Summary of Awards to Date

Rapid tests to specifically differentiate clinically significant from environmental STEC towards reducing unnecessary crop destruction

Date

Jan. 1, 2015 - Dec. 31, 2016

Funding Agency

University of California, Davis

Amount Awarded

$329,481.00

Investigator

Trevor Suslow, Ph.D.
University of California, Davis

Co-Investigator(s)

Michele Jay-Russell, Ph.D., University of California, Davis

Summary

Though exceptionally rare events, relative to the scale of production and consumption, there is ample evidence to know that produce samples sometimes contain pathogens of serious potential human health consequences. A group of bacterial pathogens, Shiga toxin‐producing E. coli (STEC) from diverse fresh produce were recovered from multi‐year sampling programs conducted by the UDSA, largely at wholesale distribution centers. Leafy greens, herbs, and specifically spinach were singled out for concern due to a STEC prevalence rate exceeding 50% of the total isolates recovered. Product testing is used by many but not all producers to pre‐screen leafy greens for bacterial pathogens, including STEC. Unfortunately, not all testing platforms rapidly distinguish STEC likely to cause human illness from those that lack the genetic traits necessary for infection. Due to the high perishability of these commodities, testing can lead to destruction of a field due to false association with dangerous STEC. The combined objectives of protecting consumers, reducing food waste, and improving sustainability can be enhanced by applying new advancements proposed in this research in specific detection of clinically relevant Shiga toxin‐ producing E. coli to risk management decisions and better defining the role of wildlife as vectors of preharvest contamination.

Technical Abstract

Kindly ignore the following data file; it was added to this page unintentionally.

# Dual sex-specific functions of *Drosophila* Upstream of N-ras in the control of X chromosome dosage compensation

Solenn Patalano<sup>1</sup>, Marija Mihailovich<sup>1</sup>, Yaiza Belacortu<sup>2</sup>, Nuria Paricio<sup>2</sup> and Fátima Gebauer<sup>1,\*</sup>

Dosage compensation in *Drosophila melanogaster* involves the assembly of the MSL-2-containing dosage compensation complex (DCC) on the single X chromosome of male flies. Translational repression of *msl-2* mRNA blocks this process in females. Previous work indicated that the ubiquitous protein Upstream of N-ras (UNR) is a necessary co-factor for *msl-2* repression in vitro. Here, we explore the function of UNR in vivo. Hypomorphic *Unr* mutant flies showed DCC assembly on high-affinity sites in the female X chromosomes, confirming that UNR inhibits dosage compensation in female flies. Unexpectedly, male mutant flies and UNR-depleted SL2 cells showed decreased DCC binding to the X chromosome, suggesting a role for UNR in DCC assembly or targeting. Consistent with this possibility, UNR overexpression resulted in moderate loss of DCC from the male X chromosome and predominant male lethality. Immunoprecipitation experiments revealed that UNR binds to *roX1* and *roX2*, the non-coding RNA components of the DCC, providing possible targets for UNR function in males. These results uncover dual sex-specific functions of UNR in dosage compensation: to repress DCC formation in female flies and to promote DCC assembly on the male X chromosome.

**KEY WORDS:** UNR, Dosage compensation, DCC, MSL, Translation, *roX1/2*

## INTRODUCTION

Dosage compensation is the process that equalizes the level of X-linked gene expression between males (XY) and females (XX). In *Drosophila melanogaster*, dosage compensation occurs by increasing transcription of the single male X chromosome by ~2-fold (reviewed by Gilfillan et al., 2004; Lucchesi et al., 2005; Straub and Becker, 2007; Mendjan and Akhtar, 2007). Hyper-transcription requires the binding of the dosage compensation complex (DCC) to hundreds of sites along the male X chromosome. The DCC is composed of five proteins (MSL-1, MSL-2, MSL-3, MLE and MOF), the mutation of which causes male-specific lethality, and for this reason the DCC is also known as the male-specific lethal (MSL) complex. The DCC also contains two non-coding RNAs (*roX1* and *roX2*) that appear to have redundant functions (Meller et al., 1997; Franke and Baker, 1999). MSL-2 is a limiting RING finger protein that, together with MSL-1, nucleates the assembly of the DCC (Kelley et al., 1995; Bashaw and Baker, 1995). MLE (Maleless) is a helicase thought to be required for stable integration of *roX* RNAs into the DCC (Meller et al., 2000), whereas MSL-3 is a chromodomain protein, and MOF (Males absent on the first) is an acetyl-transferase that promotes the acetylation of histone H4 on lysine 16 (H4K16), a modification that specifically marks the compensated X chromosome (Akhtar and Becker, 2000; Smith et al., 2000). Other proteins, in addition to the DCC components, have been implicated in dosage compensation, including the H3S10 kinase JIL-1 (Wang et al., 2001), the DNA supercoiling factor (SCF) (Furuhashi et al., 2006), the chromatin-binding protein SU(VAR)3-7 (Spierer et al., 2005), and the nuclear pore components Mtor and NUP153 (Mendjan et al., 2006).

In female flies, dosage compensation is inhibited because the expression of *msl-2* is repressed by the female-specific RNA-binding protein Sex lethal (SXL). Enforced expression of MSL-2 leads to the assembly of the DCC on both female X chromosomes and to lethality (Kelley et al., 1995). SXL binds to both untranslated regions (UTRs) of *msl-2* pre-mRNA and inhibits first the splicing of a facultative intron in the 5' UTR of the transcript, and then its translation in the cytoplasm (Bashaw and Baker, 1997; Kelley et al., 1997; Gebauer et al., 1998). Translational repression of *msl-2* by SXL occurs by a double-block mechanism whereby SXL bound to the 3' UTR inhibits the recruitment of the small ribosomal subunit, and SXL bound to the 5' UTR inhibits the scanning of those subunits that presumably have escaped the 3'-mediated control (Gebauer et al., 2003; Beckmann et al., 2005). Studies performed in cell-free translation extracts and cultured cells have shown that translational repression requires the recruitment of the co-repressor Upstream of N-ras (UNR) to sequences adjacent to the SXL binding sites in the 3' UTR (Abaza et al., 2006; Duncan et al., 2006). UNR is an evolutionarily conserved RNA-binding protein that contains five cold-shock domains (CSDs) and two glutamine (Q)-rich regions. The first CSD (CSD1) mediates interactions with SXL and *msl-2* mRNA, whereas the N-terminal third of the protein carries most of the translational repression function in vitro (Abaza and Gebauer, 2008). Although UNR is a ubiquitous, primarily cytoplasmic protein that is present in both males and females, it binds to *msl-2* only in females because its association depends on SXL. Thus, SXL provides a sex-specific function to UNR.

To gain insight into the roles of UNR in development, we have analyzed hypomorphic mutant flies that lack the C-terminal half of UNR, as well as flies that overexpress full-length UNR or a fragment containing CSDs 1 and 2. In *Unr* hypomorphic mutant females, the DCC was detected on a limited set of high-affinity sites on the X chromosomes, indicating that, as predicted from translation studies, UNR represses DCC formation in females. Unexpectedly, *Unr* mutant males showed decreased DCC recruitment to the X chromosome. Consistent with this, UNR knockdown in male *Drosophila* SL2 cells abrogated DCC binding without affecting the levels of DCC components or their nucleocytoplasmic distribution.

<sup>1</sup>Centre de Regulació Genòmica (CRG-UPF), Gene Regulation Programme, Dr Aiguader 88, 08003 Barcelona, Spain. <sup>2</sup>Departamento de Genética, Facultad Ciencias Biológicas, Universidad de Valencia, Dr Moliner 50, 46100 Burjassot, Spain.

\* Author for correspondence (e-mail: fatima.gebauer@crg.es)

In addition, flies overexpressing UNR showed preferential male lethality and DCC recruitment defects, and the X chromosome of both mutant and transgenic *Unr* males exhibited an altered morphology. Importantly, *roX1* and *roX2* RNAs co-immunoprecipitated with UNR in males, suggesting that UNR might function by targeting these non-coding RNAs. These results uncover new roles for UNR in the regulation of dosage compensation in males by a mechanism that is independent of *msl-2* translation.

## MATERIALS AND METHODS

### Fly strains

Though exceptionally rare events, relative to the scale of production and consumption, there is ample evidence to know that produce samples sometimes contain pathogens of serious potential human health consequences. After the E. coli O157:H7 outbreak on spinach in 2006, the programmatic testing of leafy greens at preharvest for raw commodity and fields intended for processing, incoming raw material, and/or finished packaged product greatly increased. A group of bacterial pathogens, Shiga toxin‐producing E. coli (STEC) from diverse fresh produce were recovered from multi‐year sampling programs conducted by the USDA, largely at wholesale distribution centers. Leafy greens, herbs, and specifically spinach were singled out for concern due to a STEC prevalence rate exceeding 50% of the total isolates recovered. Product testing is used by many but not all producers to pre‐screen leafy greens for bacterial pathogens, including STEC. Unfortunately, not all testing platforms rapidly distinguish STEC likely to cause human illness from those that lack the genetic traits necessary for infection. There has been a rapid expansion of platforms, kits, pathogen targets, and diversity of approaches to lot acceptance criteria. There has been a gradual but accelerating shift in product testing criteria and policies for the group of pathogens that includes EHEC and STEC. Some commercial kit test systems have been recently used that screen for the top‐seven EHEC (O157, O26, O45, O103, O111, O121, O145) based on the premise that these sub‐types are responsible for over 85% of clinical cases. However, due to the increasing recognition of diverse STEC in clinical cases, many commercial service labs have more recently been using detection and lot acceptance systems that employ the least diagnostic genetic markers for this group, presence of eae (intimin; attaching and effacing) and stx (either of two key forms of shigatoxin) in an enrichment culture. Presence of these two markers, alone or being contributed individually by independent cell lines, has resulted in frequent crop destruction involving many acres and substantial economic loss, at the individual grower level. Due to the high perishability of these commodities, testing can lead to destruction of a field due to false association with dangerous STEC. The combined objectives of protecting consumers, reducing food waste, and improving sustainability can be enhanced by applying new advancements proposed in this research in specific detection of clinically relevant Shiga toxin‐ producing E. coli to risk management decisions and better defining the role of wildlife as vectors of preharvest contamination. The anticipated outcome of this proposal is the development of a set of recommendations relative to rapid virulence profiling and its application to routine compliance and lot acceptance testing for fresh produce. This project is a starting point for a longer‐term effort to consolidate and clarify the available information on risk associated with the diverse STEC group and present this information in a guidance format that can help form industry‐based standards of practice. The outcomes would lead to both immediate transferable actions in pathogen testing protocols and serve as a first step towards fulfilling our collective responsibility to stewardship of the ag‐environment and associated regional landscape.